What the Conservative win means for your money

Article reposted from AOL Money UK

Good Morning my darlings. I’m feeling a little less emotional about the election result (still angry though) and so I decided to look into what’s to come …

​What the Conservative win means for your money© PA Wire

Few people predicted any one party could win outright but now the Conservatives have done just that.

Before today, the party manifestos were seen as starting points for coalition negotiations, but now that the Tories have won a small majority they will be able to implement their pledges.

So what were those pledges and how will they affect you? Let’s take a look…

Your taxes

The Tory manifesto was stuffed full of promises on tax, including raising the personal allowance to £12,500 and increasing the 40% tax threshold to £50,000. The threshold is currently £42,386, which means current higher-rate taxpayers could save a tidy sum.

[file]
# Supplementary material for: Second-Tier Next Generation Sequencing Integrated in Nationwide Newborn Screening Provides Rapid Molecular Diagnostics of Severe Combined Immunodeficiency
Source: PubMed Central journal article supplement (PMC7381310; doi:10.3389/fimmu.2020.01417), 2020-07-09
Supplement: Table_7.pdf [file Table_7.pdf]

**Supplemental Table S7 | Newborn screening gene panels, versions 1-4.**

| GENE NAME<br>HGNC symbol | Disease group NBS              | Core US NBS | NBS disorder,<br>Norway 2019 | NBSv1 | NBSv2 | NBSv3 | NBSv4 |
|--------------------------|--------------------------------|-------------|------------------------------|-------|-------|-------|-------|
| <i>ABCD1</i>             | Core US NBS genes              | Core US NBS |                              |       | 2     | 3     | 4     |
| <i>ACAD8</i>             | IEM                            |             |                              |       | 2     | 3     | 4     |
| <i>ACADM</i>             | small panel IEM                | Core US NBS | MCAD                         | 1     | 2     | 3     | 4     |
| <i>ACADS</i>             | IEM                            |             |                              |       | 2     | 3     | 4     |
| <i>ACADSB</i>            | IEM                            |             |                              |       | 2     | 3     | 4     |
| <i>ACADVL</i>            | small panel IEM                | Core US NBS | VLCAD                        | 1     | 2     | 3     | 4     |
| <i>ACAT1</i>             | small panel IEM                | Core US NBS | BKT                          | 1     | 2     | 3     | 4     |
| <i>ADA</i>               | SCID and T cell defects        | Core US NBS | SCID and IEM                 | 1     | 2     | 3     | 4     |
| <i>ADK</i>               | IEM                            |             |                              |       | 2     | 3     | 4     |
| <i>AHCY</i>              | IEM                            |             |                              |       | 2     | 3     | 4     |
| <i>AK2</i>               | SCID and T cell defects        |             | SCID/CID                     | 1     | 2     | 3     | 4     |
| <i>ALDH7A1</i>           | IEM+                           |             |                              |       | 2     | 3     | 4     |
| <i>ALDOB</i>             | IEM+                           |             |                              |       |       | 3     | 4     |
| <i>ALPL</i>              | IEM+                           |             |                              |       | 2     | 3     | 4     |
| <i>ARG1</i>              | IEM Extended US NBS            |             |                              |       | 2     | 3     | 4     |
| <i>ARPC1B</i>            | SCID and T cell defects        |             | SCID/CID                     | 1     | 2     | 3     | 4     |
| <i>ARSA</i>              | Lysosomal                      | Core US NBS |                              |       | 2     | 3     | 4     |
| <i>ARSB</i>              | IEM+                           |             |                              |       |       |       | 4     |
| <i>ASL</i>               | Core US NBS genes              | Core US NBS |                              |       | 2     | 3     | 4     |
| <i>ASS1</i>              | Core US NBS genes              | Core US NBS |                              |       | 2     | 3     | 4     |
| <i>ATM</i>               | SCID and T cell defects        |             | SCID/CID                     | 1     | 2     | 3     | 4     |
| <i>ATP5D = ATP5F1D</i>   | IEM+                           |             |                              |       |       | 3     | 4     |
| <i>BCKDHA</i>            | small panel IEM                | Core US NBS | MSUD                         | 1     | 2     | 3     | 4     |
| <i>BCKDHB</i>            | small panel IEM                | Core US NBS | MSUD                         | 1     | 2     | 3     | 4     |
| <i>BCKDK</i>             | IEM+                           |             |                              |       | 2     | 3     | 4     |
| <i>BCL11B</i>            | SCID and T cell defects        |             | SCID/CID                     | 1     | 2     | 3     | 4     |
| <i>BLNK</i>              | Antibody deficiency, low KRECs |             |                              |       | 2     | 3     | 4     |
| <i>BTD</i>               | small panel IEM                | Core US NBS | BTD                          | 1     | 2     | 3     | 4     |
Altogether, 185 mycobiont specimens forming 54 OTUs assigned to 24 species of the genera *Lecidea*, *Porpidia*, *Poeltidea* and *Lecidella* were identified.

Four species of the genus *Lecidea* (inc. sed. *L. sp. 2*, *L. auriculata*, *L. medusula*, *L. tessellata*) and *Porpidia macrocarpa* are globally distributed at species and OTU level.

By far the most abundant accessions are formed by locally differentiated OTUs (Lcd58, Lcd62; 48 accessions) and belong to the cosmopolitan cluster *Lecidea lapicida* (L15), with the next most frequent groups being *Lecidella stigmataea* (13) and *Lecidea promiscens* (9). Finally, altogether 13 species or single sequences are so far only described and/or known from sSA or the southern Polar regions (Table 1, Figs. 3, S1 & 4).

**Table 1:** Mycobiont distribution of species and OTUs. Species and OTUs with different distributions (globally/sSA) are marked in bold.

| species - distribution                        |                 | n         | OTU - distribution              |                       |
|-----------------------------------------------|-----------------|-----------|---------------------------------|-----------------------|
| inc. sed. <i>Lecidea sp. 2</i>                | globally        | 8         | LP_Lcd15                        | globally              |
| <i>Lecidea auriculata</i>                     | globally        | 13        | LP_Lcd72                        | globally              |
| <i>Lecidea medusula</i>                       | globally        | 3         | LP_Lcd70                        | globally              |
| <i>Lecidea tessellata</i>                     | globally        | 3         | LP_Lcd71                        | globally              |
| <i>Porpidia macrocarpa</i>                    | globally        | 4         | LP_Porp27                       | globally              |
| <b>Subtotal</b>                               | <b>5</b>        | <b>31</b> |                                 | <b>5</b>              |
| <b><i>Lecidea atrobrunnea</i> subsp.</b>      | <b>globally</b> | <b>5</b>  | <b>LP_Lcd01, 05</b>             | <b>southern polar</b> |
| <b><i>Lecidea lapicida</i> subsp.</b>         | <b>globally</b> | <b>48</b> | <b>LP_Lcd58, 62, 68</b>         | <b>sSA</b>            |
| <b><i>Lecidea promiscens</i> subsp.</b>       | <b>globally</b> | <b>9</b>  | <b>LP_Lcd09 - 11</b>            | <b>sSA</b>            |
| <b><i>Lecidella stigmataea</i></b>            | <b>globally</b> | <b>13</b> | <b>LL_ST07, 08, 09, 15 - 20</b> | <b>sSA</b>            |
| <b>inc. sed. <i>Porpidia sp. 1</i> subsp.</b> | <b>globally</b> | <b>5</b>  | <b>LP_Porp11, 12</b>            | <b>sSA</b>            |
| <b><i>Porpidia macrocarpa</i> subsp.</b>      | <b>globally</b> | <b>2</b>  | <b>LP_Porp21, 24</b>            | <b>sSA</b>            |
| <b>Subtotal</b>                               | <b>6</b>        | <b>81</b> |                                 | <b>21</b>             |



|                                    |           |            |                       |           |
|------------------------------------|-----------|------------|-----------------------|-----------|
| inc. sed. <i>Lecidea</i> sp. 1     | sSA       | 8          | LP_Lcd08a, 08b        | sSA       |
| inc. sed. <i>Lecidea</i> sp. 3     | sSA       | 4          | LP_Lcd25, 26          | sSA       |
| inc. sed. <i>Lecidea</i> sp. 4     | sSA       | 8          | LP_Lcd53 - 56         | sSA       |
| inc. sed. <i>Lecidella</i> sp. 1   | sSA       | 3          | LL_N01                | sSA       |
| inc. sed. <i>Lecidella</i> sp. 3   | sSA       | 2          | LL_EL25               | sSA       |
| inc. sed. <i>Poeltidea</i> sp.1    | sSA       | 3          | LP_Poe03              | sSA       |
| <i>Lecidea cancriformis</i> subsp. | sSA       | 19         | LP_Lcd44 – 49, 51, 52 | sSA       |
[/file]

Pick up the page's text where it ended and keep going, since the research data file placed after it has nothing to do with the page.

A key Conservative pledge was on inheritance tax, with promises that the threshold will rise to £1 million for married or civil partnered couples. However, there have been accusations that this can only benefit the very wealthiest.

Conservatives also pledged there would be no rise in VAT or National Insurance during the lifetime of the parliament. 

Your pension

Some people had been wondering if a new government might roll back some of the recently introduced pension freedoms, so there could be a sigh of relief that the Conservatives have essentially pledged ‘more of the same’.

The new retirement rules that allow the over-55s to access their pension pots to spend or invest as they like will continue and there could be more restrictions lifted in the future.

Like all the main parties, the Tories had pledged to keep the triple lock on the state pension. That means that it will rise each year by either average earnings, inflation or 2.5% – whichever of those numbers is higher.

The Conservatives did pledge to restrict pension tax relief for those earning more than £150,000 a year, which may not be so popular among their wealthier supporters.

Your house price…